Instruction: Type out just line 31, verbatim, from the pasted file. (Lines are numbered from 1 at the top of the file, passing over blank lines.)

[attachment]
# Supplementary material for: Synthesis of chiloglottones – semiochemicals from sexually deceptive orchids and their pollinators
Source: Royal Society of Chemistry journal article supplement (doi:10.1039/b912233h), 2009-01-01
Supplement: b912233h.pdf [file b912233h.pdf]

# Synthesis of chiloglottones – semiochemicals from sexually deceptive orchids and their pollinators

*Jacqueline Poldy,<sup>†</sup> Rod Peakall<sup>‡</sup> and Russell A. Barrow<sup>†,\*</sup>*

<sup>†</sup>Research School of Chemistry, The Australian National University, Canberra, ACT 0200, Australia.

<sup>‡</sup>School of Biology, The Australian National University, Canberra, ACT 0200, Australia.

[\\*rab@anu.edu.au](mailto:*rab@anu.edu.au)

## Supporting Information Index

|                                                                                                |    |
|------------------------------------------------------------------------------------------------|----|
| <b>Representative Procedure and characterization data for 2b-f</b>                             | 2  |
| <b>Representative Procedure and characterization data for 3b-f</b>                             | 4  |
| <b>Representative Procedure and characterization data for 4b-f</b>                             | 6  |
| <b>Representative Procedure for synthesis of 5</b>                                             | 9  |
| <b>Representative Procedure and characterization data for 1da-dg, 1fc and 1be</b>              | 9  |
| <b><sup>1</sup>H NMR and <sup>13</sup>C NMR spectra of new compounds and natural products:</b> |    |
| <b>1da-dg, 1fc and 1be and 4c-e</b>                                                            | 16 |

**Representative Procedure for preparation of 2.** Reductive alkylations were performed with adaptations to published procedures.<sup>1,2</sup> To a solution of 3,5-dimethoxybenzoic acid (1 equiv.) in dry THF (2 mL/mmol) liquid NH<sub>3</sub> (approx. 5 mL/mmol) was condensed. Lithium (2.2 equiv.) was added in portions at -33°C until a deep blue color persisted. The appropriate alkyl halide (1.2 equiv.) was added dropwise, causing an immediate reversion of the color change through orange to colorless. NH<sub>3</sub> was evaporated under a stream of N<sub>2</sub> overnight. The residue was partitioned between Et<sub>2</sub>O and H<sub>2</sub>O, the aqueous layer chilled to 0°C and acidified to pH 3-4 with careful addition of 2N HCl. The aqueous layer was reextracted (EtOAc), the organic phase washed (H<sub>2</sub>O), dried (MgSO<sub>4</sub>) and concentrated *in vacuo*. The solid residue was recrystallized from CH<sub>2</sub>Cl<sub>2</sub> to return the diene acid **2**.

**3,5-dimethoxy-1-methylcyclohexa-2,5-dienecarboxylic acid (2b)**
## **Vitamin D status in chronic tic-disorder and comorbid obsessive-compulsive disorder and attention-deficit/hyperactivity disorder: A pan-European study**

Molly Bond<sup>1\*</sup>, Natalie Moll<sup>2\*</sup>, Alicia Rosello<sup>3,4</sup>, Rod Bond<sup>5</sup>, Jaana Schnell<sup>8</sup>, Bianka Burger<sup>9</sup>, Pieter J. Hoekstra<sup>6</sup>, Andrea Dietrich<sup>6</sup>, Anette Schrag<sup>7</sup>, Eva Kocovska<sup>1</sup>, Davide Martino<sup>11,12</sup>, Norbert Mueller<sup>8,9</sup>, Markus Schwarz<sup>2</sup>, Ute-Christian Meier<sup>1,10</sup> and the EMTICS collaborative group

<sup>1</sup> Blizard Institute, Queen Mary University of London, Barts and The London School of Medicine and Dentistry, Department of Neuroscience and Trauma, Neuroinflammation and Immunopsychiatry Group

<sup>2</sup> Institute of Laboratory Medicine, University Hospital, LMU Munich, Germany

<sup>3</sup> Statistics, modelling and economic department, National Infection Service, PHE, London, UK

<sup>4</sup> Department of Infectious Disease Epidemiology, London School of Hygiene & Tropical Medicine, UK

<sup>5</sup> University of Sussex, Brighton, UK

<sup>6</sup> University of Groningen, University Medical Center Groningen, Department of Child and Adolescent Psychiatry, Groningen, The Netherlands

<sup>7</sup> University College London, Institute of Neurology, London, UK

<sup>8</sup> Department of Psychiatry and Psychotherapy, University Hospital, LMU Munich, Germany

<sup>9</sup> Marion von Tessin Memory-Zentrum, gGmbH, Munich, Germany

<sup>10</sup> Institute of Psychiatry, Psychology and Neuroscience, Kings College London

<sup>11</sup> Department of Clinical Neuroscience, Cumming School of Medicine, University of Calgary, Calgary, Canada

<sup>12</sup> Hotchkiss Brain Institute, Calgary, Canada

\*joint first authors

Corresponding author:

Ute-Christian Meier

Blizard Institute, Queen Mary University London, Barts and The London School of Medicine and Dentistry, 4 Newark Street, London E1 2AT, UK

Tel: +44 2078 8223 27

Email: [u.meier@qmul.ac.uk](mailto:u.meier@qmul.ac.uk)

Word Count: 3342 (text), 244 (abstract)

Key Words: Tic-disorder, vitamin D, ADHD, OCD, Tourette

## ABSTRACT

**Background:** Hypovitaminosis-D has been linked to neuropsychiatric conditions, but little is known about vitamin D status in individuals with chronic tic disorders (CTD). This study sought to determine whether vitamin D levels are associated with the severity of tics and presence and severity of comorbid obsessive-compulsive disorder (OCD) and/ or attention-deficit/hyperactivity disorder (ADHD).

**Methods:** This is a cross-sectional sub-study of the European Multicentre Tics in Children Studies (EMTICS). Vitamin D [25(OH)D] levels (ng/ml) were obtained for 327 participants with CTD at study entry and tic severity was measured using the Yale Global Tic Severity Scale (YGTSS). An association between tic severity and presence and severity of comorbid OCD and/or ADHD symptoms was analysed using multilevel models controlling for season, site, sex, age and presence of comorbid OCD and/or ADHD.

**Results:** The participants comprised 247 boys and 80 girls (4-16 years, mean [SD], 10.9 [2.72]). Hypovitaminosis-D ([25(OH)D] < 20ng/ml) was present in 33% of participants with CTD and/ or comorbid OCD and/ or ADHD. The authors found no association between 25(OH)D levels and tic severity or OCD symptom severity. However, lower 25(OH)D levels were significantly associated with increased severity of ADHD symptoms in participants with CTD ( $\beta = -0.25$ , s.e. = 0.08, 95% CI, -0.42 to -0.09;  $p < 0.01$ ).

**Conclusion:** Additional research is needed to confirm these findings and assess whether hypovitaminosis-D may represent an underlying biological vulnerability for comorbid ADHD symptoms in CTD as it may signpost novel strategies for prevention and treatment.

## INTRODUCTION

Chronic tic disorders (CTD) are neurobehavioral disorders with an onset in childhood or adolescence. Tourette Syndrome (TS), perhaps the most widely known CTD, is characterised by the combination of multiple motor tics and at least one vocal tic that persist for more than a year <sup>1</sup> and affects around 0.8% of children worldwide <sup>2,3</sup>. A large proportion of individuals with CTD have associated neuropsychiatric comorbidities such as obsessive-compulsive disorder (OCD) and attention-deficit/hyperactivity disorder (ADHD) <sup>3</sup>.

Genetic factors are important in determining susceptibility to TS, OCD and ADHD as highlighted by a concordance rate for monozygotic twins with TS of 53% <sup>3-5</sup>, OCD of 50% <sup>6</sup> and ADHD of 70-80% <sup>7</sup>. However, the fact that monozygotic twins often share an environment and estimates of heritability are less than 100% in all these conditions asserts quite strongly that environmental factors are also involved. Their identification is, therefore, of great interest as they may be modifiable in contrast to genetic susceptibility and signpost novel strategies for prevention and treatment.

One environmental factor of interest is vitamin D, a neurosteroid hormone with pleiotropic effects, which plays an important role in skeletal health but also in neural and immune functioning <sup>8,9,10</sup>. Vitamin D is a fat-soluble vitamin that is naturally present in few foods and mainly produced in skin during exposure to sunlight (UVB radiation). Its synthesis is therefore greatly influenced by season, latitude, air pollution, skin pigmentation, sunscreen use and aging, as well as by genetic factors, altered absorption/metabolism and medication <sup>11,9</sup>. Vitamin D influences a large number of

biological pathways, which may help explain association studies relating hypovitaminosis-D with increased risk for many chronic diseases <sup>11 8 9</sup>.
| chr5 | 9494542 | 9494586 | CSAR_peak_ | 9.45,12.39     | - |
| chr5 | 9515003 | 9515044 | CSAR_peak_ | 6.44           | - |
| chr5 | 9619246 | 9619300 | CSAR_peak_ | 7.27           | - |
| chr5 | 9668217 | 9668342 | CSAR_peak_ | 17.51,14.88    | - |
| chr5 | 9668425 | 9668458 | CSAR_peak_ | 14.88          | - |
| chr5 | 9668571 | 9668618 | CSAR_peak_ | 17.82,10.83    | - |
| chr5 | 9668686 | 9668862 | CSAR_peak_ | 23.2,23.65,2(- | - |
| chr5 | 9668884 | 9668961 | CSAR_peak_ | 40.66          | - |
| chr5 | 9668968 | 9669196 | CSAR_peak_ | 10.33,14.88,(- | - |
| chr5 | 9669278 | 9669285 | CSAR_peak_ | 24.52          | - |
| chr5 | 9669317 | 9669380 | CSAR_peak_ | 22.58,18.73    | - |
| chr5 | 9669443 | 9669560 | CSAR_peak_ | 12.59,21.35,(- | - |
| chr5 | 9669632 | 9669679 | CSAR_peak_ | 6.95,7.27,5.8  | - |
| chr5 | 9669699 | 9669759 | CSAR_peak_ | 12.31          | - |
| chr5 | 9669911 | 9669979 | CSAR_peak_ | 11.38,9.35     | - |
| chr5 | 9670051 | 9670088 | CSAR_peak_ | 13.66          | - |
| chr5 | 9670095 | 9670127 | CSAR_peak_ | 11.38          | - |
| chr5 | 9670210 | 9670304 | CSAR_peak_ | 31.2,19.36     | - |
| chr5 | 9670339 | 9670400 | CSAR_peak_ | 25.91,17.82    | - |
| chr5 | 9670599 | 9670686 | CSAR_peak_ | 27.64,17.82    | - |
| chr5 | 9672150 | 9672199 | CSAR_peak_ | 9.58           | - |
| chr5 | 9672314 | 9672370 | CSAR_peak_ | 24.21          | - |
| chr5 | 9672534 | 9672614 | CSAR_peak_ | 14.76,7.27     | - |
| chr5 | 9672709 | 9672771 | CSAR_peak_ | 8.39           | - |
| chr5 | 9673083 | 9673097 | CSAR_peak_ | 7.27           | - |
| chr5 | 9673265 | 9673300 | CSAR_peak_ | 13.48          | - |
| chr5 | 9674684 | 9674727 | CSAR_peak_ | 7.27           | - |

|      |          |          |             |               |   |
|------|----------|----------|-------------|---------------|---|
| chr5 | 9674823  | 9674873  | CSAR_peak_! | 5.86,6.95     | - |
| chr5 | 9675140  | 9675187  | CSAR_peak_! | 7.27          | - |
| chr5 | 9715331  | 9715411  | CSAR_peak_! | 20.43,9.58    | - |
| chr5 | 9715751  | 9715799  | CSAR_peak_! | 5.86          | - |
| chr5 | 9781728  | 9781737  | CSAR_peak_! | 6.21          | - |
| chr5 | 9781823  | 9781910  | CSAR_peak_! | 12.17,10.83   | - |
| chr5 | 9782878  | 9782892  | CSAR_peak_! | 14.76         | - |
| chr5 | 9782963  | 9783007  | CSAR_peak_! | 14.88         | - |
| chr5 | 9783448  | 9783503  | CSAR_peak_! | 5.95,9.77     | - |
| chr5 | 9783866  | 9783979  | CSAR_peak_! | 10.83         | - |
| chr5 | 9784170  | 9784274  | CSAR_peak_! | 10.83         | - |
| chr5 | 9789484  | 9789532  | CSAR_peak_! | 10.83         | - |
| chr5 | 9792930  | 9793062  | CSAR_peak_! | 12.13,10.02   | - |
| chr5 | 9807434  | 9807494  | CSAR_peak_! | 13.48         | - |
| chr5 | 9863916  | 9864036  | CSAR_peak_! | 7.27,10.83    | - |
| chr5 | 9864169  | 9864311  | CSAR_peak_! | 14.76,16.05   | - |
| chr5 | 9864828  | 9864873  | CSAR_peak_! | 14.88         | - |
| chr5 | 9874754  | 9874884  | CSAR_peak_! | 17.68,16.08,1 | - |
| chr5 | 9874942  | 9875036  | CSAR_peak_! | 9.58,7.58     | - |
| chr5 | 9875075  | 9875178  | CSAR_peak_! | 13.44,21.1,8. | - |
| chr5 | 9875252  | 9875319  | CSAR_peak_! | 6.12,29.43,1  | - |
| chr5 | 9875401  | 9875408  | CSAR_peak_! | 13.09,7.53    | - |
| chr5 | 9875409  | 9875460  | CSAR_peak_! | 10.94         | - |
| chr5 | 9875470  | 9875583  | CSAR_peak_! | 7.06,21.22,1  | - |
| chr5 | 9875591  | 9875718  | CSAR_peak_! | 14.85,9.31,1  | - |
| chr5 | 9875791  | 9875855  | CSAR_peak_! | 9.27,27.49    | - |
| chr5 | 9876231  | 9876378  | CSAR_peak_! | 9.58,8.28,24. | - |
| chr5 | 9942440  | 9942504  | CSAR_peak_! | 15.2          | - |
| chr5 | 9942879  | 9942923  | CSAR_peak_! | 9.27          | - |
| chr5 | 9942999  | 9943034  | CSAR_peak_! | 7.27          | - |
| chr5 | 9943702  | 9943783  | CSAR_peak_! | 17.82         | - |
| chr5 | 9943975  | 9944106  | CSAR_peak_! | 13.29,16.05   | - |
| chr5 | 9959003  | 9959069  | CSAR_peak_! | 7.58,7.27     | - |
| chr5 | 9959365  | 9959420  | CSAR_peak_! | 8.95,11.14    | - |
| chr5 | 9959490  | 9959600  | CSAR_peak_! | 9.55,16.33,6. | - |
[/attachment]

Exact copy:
<sup>9</sup> Marion von Tessin Memory-Zentrum, gGmbH, Munich, Germany